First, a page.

CAM Shortcuts Simplify Lights-Out Burns

A CAM system with an intuitive user interface, adaptable postprocessors and time-saving shortcuts help this manufacturer maximize unattended EDM burn time.

Case Study From: 9/14/2011 Modern Machine Shop

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unattended EDM

Jay Crumb, CNC programmer at Astro, typically runs two EDM machines during his shift and prepares the other five machines for overnight, unattended burns. The EDM department includes five machines from GF AgieCharmilles, one from Makino and one from Fanuc.

lock washers

These lock washers for nuclear reactors require especially tight tolerances, Mr. Crumb says. He notes that Esprit facilitates the production of as many as 100 of these parts in a single, six-hour, unattended cycle on one EDM machine.

CAD Compatibility

Esprit’s compatibility with virtually any CAD format enables programming directly from customer solid models, such as this jet engine mount, Mr. Crumb says.

EDM cutoff

This screenshot depicts 12 small parts arrayed for machining in a single cycle. The red line is the cutoff pass, which will occur only after roughing and finishing. Mr. Crumb says the ability to rough and finish multiple parts in a single setup before cutting off saves hours of programming time.

Considering his 22 years of EDM experience, it’s no surprise that Jay Crumb is a central figure in the EDM department at Astro Manufacturing & Design. However, experience alone goes only so far without the proper tools. One tool Mr. Crumb uses on a daily basis to maximize unattended burn time is Esprit CAM software from DP Technology (Camarillo, California). With an intuitive interface, adaptable post-processors and shortcuts that shave hours off programming time, the software plays a key role in keeping the machines running with as little time commitment as possible from employees, Mr. Crumb says.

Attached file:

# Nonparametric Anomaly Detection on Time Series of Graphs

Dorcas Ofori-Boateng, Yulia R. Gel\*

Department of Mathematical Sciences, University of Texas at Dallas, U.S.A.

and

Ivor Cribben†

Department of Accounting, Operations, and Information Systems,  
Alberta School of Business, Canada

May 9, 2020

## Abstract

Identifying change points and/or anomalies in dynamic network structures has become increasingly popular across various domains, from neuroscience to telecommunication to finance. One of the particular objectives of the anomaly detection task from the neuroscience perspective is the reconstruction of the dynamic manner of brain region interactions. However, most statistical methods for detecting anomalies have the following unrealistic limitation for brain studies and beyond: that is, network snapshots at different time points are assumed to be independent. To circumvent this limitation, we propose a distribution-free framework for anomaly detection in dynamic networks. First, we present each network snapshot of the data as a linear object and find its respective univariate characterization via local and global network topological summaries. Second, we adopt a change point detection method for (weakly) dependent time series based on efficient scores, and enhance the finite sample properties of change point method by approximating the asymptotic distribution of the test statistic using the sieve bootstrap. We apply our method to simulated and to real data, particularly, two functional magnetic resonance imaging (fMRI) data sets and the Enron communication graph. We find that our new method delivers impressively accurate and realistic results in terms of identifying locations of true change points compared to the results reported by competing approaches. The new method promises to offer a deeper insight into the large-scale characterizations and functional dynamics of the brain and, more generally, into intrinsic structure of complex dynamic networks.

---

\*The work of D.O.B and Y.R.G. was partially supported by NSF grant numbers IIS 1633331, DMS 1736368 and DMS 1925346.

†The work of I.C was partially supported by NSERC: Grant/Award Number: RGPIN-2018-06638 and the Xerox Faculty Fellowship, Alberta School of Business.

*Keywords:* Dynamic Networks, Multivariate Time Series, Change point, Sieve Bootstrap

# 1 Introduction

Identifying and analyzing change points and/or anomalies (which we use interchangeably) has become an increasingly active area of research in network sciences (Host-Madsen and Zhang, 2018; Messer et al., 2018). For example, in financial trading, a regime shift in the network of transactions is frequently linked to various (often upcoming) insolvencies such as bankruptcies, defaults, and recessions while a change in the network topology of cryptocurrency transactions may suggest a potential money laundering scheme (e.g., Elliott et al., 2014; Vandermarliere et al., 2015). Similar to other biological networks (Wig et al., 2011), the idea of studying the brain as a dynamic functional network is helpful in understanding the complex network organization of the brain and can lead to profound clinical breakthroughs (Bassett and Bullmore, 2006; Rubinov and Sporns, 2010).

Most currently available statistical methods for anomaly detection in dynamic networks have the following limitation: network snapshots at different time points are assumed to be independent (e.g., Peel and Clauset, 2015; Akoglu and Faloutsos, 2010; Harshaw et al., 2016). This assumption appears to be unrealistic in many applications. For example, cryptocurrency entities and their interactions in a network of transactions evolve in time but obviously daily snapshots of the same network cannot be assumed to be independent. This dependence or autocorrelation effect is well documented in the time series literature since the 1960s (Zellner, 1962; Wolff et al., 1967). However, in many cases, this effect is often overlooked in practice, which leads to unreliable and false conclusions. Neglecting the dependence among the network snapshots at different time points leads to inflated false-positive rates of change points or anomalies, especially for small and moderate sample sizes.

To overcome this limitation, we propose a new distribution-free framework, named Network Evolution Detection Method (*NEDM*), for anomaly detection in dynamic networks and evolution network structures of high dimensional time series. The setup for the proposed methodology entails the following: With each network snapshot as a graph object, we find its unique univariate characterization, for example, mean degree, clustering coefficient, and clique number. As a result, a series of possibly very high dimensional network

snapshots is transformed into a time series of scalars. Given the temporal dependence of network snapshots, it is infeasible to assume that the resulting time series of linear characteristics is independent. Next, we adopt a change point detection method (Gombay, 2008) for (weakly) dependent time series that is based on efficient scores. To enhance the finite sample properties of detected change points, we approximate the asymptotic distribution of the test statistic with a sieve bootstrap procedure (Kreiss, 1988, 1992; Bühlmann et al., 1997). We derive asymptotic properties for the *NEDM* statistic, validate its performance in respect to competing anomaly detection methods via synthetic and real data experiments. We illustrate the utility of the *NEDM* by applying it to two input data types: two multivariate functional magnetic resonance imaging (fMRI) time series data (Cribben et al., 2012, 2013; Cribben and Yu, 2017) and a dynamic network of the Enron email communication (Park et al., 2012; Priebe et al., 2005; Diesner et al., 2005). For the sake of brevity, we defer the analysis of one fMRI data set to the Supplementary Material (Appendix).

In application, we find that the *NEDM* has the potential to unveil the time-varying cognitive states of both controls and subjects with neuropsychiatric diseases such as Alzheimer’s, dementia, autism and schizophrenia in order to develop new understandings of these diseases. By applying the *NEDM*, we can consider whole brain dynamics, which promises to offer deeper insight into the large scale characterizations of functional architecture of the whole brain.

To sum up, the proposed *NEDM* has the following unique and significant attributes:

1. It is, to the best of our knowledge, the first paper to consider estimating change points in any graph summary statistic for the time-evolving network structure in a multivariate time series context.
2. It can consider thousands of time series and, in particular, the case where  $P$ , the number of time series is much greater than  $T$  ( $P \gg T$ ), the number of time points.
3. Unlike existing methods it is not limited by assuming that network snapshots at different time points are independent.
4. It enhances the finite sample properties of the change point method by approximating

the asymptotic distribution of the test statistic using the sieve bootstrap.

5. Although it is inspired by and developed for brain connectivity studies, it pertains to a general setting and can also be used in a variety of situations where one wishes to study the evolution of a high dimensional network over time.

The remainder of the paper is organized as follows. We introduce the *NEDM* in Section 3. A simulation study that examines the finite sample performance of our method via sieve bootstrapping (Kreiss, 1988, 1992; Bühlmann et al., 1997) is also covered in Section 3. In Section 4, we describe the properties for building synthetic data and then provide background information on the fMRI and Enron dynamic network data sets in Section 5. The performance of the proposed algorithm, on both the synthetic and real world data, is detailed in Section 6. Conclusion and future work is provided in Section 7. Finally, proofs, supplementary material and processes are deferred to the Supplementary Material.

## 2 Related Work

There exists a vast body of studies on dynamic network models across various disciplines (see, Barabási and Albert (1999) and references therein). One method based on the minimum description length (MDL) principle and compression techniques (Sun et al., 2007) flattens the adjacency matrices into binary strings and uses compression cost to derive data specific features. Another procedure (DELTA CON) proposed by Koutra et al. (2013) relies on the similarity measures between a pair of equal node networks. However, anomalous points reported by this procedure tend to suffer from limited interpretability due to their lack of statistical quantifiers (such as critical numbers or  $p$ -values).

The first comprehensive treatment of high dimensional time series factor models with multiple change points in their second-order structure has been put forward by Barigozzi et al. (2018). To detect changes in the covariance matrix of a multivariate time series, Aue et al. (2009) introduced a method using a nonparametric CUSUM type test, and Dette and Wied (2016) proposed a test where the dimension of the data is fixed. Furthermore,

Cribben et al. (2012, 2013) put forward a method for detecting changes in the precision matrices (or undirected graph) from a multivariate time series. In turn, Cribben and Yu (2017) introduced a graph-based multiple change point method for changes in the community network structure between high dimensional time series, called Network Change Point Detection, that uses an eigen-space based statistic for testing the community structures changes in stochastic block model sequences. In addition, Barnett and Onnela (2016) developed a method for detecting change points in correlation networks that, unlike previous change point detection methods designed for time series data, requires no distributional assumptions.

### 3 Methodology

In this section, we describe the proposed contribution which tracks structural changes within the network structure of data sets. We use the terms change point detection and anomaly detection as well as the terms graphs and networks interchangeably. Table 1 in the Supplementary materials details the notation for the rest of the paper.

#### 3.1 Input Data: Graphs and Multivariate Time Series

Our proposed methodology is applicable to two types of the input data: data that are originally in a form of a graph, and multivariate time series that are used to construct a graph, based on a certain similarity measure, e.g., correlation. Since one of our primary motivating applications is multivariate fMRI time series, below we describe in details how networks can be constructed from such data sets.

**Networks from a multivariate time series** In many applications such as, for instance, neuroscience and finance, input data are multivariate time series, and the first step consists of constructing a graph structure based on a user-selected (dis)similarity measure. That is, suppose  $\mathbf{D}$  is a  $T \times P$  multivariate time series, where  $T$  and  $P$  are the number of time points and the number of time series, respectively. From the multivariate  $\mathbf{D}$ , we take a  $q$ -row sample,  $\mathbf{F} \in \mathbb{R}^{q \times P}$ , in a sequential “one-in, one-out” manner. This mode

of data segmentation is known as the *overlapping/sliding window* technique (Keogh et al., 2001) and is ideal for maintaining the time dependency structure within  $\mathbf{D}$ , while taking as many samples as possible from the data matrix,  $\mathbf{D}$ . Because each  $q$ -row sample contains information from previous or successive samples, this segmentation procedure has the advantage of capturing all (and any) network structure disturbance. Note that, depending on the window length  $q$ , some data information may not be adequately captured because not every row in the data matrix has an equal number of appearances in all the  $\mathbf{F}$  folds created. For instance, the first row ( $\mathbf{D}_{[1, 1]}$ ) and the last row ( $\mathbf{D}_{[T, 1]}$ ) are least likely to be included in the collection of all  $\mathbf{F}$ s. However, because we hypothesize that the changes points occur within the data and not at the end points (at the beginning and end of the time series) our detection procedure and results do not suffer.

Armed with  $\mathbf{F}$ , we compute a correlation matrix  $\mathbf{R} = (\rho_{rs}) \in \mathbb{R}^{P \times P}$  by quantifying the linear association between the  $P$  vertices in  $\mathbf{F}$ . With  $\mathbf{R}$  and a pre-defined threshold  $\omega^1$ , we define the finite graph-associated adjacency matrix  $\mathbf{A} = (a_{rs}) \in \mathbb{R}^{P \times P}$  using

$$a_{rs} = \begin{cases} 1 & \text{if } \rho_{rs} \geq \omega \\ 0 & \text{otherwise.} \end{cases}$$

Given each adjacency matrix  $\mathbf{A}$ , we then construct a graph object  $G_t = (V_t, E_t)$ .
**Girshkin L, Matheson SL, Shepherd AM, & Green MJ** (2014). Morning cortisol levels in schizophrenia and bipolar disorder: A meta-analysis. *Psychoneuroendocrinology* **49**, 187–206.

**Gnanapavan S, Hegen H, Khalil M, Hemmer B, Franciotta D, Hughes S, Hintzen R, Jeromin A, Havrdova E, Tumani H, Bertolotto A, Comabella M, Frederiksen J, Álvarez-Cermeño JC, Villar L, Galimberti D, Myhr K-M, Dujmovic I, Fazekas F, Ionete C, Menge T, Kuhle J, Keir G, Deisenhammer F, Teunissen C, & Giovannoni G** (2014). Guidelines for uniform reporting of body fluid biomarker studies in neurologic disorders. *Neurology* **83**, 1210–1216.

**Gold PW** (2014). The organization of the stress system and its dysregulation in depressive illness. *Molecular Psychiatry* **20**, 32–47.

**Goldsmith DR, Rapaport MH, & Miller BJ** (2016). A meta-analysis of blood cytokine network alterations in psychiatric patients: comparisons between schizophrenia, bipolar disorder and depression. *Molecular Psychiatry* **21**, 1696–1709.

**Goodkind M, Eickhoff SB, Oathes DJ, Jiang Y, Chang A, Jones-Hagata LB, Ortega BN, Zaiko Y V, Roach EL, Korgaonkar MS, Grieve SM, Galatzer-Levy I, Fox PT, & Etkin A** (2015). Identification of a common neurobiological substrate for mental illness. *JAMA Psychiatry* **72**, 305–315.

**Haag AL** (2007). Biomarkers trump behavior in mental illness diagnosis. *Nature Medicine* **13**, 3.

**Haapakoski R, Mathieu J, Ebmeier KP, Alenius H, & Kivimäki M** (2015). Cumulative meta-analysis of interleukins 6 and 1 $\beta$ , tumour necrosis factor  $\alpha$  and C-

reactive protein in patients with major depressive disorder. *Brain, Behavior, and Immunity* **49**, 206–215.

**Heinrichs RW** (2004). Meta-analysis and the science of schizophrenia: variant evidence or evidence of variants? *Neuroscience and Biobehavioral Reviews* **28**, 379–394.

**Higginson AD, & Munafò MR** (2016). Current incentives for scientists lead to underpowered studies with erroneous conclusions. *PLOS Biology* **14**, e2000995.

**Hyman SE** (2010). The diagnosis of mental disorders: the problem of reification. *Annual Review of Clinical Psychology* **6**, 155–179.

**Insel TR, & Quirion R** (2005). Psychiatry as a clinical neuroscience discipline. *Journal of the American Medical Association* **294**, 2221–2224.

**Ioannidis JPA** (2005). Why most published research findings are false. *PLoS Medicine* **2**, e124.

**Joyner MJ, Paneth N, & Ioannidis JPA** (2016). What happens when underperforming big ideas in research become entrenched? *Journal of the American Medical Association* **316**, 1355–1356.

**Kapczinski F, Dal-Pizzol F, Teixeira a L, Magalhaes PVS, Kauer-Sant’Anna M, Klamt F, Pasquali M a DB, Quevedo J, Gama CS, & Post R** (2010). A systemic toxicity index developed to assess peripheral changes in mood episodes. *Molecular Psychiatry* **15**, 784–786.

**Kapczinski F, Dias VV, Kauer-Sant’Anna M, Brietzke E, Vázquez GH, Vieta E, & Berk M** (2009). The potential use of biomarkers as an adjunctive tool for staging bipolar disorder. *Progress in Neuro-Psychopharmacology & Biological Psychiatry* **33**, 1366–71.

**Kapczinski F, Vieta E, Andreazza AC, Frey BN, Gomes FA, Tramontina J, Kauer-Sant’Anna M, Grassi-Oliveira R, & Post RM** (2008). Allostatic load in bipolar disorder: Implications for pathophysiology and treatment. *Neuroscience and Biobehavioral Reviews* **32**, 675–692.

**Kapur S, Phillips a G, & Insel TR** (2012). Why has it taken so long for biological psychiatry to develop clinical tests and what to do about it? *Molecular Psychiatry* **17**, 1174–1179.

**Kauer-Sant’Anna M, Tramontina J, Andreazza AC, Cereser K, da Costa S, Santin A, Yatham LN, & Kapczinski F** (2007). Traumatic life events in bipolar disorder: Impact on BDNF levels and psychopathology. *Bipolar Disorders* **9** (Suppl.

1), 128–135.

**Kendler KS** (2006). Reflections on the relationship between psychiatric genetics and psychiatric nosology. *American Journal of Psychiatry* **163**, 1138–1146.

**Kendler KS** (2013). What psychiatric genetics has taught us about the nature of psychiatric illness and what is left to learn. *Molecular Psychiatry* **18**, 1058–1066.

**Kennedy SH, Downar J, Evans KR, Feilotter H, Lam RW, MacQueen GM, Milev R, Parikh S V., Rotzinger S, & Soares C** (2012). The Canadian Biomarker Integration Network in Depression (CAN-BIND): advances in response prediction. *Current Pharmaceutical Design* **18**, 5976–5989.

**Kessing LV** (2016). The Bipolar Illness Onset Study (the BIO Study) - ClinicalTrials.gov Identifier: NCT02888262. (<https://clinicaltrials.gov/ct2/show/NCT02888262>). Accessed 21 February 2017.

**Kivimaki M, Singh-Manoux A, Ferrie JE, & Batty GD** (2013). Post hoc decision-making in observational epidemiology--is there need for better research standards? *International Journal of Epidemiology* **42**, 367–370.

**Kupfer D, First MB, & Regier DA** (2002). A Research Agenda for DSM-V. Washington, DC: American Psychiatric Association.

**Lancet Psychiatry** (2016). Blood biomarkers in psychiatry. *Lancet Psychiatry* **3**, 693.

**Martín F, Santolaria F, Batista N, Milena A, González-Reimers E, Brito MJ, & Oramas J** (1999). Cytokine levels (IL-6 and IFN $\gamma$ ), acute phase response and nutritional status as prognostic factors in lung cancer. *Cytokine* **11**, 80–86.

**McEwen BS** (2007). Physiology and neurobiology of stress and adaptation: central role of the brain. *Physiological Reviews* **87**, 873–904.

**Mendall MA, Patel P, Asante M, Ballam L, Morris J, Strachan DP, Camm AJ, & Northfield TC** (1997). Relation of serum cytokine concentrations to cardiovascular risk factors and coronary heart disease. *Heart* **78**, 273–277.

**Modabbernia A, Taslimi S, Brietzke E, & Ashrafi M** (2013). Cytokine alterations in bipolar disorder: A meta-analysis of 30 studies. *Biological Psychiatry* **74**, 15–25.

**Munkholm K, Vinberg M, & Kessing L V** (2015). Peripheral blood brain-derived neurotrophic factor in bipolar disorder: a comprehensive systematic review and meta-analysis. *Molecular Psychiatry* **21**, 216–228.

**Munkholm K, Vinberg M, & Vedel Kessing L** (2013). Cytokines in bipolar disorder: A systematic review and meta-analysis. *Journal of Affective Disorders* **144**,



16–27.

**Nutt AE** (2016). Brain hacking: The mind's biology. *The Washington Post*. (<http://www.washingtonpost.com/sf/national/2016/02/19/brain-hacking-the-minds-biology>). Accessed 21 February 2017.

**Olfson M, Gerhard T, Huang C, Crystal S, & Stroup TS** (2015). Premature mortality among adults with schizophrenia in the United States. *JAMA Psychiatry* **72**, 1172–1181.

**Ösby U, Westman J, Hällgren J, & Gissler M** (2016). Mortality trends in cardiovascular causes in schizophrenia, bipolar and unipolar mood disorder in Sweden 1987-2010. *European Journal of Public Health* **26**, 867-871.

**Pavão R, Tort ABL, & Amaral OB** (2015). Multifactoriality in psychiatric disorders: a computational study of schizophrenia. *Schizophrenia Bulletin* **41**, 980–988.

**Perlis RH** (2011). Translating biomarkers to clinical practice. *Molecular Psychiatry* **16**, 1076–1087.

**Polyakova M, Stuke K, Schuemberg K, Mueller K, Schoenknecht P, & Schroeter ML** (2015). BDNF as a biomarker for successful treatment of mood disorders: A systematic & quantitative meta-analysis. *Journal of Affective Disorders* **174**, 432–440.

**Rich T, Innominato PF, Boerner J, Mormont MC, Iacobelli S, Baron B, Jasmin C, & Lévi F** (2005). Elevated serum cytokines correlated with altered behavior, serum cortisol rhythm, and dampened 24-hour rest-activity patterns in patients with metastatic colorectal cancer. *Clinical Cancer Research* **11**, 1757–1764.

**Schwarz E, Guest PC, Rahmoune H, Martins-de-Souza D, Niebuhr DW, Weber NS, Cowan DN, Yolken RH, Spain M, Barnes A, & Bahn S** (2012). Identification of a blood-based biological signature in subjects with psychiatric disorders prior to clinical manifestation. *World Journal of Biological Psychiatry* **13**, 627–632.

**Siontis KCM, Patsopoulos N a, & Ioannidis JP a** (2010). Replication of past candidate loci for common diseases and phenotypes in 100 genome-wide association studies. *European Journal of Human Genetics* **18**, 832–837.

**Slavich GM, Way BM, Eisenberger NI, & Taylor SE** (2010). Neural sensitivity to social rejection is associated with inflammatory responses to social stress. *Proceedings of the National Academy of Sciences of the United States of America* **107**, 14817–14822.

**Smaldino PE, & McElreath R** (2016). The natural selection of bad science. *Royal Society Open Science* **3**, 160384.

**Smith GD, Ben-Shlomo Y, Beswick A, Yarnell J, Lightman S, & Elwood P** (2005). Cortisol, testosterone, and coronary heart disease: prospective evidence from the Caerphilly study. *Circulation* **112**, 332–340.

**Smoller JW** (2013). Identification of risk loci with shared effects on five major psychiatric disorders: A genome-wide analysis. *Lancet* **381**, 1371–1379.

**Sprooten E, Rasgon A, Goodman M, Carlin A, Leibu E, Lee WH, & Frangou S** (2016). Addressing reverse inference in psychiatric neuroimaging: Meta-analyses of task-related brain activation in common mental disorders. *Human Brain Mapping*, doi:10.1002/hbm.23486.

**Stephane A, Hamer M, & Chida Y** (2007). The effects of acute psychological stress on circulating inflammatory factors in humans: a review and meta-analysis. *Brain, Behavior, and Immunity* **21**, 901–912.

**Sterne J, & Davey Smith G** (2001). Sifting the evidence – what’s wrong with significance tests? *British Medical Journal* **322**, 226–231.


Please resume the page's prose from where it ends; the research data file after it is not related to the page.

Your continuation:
Astro Manufacturing & Design purchased its first seats of Esprit about a decade ago. At that point, the company had come a long way since its founding as a small job shop by four partners in 1977. Today, the 300-employee operation is spread across five Ohio facilities. It offers services ranging from EDM, machining and fabricating to plastics forming, assembly, rapid prototyping, product design and more. With such customers as Lockheed Martin, General Electric, Philips Healthcare and Johnson & Johnson, the company works primarily within the aerospace, medical and defense industries. “Every one of our departments could be run as its own business,” says Rich Peterson, vice president of business development for Astro.
 
The EDM department is located at the company’s headquarters in Eastlake, Ohio, where Mr. Crumb works with more than 170 other employees. The department houses five machines from GF AgieCharmilles, one from Makino and one from Fanuc, all equipped with a different type of control. Typical workpiece materials include Ampcoloy, Waspaloy, Hastelloy, titanium, tungsten, carbides, synthetic diamond, Inconel and silicon wafer, among others.
 
With a cut rate measured in inches per hour, EDM is much slower relative to other machining processes. That makes it well-suited for unattended night and weekend shifts, a fact not lost on Astro Manufacturing & Design. In fact, lights-out is so important at the shop that Mr. Crumb is tasked with maintaining a minimum of 3.5 machine hours for every one EDM employee work hour.